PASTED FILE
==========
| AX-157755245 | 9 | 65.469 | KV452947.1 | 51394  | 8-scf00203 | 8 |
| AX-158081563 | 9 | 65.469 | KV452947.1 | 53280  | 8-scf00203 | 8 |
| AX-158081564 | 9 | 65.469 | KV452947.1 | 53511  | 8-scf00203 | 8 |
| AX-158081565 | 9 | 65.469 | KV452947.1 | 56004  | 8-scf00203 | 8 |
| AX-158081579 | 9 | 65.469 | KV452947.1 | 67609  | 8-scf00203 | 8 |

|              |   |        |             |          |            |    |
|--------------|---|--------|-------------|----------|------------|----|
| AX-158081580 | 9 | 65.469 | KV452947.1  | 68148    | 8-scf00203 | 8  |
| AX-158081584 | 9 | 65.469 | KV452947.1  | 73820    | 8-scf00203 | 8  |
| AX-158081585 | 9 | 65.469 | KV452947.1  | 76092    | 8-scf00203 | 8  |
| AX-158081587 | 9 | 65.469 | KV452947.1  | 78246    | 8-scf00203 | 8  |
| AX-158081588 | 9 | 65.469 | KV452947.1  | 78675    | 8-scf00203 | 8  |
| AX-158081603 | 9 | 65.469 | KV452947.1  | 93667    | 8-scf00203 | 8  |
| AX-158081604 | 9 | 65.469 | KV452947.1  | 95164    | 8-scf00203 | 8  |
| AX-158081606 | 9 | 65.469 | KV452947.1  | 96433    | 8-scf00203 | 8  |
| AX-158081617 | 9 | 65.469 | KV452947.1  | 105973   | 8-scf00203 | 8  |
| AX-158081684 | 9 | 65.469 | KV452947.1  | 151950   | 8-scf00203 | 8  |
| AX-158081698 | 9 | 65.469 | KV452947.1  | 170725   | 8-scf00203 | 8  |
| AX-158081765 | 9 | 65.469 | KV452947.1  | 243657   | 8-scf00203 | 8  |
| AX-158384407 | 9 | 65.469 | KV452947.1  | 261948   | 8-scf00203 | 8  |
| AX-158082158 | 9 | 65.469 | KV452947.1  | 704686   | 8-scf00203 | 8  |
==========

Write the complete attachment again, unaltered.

| AX-157755245 | 9 | 65.469 | KV452947.1 | 51394  | 8-scf00203 | 8 |
| AX-158081563 | 9 | 65.469 | KV452947.1 | 53280  | 8-scf00203 | 8 |
| AX-158081564 | 9 | 65.469 | KV452947.1 | 53511  | 8-scf00203 | 8 |
| AX-158081565 | 9 | 65.469 | KV452947.1 | 56004  | 8-scf00203 | 8 |
| AX-158081579 | 9 | 65.469 | KV452947.1 | 67609  | 8-scf00203 | 8 |

|              |   |        |             |          |            |    |
|--------------|---|--------|-------------|----------|------------|----|
| AX-158081580 | 9 | 65.469 | KV452947.1  | 68148    | 8-scf00203 | 8  |
| AX-158081584 | 9 | 65.469 | KV452947.1  | 73820    | 8-scf00203 | 8  |
| AX-158081585 | 9 | 65.469 | KV452947.1  | 76092    | 8-scf00203 | 8  |
| AX-158081587 | 9 | 65.469 | KV452947.1  | 78246    | 8-scf00203 | 8  |
| AX-158081588 | 9 | 65.469 | KV452947.1  | 78675    | 8-scf00203 | 8  |
| AX-158081603 | 9 | 65.469 | KV452947.1  | 93667    | 8-scf00203 | 8  |
| AX-158081604 | 9 | 65.469 | KV452947.1  | 95164    | 8-scf00203 | 8  |
| AX-158081606 | 9 | 65.469 | KV452947.1  | 96433    | 8-scf00203 | 8  |
| AX-158081617 | 9 | 65.469 | KV452947.1  | 105973   | 8-scf00203 | 8  |
| AX-158081684 | 9 | 65.469 | KV452947.1  | 151950   | 8-scf00203 | 8  |
| AX-158081698 | 9 | 65.469 | KV452947.1  | 170725   | 8-scf00203 | 8  |
| AX-158081765 | 9 | 65.469 | KV452947.1  | 243657   | 8-scf00203 | 8  |
| AX-158384407 | 9 | 65.469 | KV452947.1  | 261948   | 8-scf00203 | 8  |
| AX-158082158 | 9 | 65.469 | KV452947.1  | 704686   | 8-scf00203 | 8  |